What a nice idea though: that the classic concerned look he has as an old man in that famous portrait could be borne of secret insider knowledge - the idea that he knew that while his theory was valid that they did not apply to the human race, that there was no missing link and that instead homo sapiens were the result of Silurian experimentation. The idea that Silurians farmed humans for food is horrific but a logical extension of the mythos. Why else would they be less than eager to share the world with humans: a species that to them represents what a quarter pounder would to us! If we went into hibernation and awoke millions of years in the future, would we be in a hurry to share the planet with a race of bipedal cows?

The plot of the story is wound around an unethical scientist, Tulok, who, when given the task of improving the taste of the ape beasts, endows them with enough intelligence to allow the species to cultivate itself. Evelyn is quick to realise that this accounts for the lack of evidence of a missing link. Tulok is sentenced to exile but is rescued and exacts a terrible revenge on his people by interfering with the control unit of their hibernation systems - explaining another mystery. The Doctor and Evelyn encounter Captain Fitzroy and Darwin after their arrival in the Galapagos Islands. It is revealed that the local Governor has fallen under the spell of Tulok and is supplying him with human specimens. Through the action we also get to hear an adult Myrka in action which Tulok unleashes on The Beagle. Tulok's claim that he is our God, the human larder and Darwin's painful realisation of the truth that human beings are ultimately just animals are all sensational moments. The flashback sequences are also excellent; the moment when Tulok thinks he is about to die in exile is particularly chilling.

I particularly like the philosophical side to this story. When debating the nihilistic implications of their findings with Darwin, the Doctor professes not to know if there is a God or not but reflects that he has observed wherever there is a chance for life in the universe, it exists and thrives. This speech echos the "value of life" speech from The Mysterious Planet. Furthermore, we hear the detached Time Lord point of view in that in a space of time there will be no evidence that humans ever existed and that is just the way it is! Evelyn thinks that this idea is horrible of course, but then again she would, she's human after all. Furthermore when discussing the lack of evidence for the existence of Silurians, we hear another interesting idea - that is only the lowest and most stupid creatures fall into bogs to be perserved (unless of course they have been murdered and tossed in!). And no structures that we build could survive millions of years. Therefore mankind would have no idea of any intelligent species that may have pre-dated our own creation and development. It is clear a lot of thought went into the conception of the story and Jonathan Morris should be praised for his work.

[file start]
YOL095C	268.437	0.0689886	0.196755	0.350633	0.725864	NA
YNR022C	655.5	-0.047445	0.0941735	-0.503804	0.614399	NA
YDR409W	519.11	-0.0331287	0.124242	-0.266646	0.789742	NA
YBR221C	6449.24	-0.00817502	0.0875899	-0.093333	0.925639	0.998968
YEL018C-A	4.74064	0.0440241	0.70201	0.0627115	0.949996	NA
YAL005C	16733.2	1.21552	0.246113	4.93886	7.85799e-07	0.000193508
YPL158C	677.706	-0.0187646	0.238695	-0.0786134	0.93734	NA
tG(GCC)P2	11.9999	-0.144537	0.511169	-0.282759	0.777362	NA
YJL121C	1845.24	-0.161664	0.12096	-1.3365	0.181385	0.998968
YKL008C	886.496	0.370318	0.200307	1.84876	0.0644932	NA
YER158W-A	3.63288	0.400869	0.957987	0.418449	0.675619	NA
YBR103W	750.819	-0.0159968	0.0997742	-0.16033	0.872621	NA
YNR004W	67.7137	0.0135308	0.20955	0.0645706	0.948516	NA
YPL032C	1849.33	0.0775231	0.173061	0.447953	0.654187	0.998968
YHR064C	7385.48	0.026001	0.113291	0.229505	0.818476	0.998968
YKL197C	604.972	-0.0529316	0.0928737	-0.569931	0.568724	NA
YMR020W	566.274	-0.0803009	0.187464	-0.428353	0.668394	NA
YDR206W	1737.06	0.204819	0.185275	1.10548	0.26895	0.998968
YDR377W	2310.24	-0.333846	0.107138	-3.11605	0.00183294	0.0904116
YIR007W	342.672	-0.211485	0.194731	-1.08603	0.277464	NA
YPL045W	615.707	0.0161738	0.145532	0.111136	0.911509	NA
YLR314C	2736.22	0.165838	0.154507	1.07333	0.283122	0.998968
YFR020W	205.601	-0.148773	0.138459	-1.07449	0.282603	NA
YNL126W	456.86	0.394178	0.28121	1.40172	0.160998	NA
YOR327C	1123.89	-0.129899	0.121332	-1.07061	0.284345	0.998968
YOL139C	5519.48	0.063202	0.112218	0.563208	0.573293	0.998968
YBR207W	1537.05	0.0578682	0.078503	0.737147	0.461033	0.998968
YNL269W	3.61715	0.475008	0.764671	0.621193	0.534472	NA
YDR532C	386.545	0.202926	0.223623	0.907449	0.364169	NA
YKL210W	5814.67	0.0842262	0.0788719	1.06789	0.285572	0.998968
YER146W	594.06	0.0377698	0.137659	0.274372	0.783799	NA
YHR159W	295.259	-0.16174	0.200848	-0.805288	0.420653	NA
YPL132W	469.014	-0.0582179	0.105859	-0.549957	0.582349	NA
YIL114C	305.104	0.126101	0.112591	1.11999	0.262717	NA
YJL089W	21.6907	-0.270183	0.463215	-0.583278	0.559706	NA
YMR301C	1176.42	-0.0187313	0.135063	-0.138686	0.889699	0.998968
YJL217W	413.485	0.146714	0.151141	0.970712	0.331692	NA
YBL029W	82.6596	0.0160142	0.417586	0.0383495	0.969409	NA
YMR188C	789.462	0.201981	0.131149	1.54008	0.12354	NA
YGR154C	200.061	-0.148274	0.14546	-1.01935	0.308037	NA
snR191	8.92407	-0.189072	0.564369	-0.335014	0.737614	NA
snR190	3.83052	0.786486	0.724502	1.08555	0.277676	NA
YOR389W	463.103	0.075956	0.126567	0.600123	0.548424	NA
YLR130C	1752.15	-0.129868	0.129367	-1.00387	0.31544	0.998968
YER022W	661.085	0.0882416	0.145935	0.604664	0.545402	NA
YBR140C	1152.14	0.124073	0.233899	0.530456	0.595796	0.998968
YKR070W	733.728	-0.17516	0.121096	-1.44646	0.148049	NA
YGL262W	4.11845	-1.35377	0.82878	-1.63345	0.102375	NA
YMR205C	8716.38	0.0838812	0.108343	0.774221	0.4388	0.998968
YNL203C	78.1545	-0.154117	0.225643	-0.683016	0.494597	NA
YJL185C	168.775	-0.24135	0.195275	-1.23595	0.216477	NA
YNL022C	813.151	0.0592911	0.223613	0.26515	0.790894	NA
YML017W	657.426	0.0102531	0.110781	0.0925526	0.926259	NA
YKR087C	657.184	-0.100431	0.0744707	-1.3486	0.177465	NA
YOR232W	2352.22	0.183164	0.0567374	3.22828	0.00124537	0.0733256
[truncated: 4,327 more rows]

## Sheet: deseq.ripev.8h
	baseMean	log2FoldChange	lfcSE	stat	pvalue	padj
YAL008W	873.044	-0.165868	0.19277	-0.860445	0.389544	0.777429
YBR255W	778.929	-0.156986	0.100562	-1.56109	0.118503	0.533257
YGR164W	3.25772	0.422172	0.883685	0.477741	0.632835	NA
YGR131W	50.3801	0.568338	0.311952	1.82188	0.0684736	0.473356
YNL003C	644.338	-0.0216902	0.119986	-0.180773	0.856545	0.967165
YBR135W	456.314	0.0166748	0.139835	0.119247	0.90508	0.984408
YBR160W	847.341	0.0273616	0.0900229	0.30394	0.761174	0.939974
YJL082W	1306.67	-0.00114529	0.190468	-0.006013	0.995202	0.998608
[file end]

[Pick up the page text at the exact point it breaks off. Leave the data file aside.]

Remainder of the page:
The production is flawless, in typical Big Finish style. Colin Baker steals the show of course, carrying the show once more and is supported valiantly by Maggie Stables (the chemistry is very evident). The guest cast are also impeccable (particularly Daniel Hogarth as Tulok and Julian Harries as Governor Lawson). The sound succeeds in creating the illusions of such diverse settings as a forest, a prison, a Silurian subterranean complex and so on. All in all, the story would translate exceedingly well to screen as episodic television. Such a pity we didn't get stories such as this in the eighties... ah, but it's been said so many times before hasn't it? I think their creator Malcolm Hulke would have approved of the mature, realistic treatment of the Silurians as flawed individuals in this story. Morris is just the sort of chap we need to have writing for the new TV series.

The Evolution Experiment by Jacob Licklider 1/5/18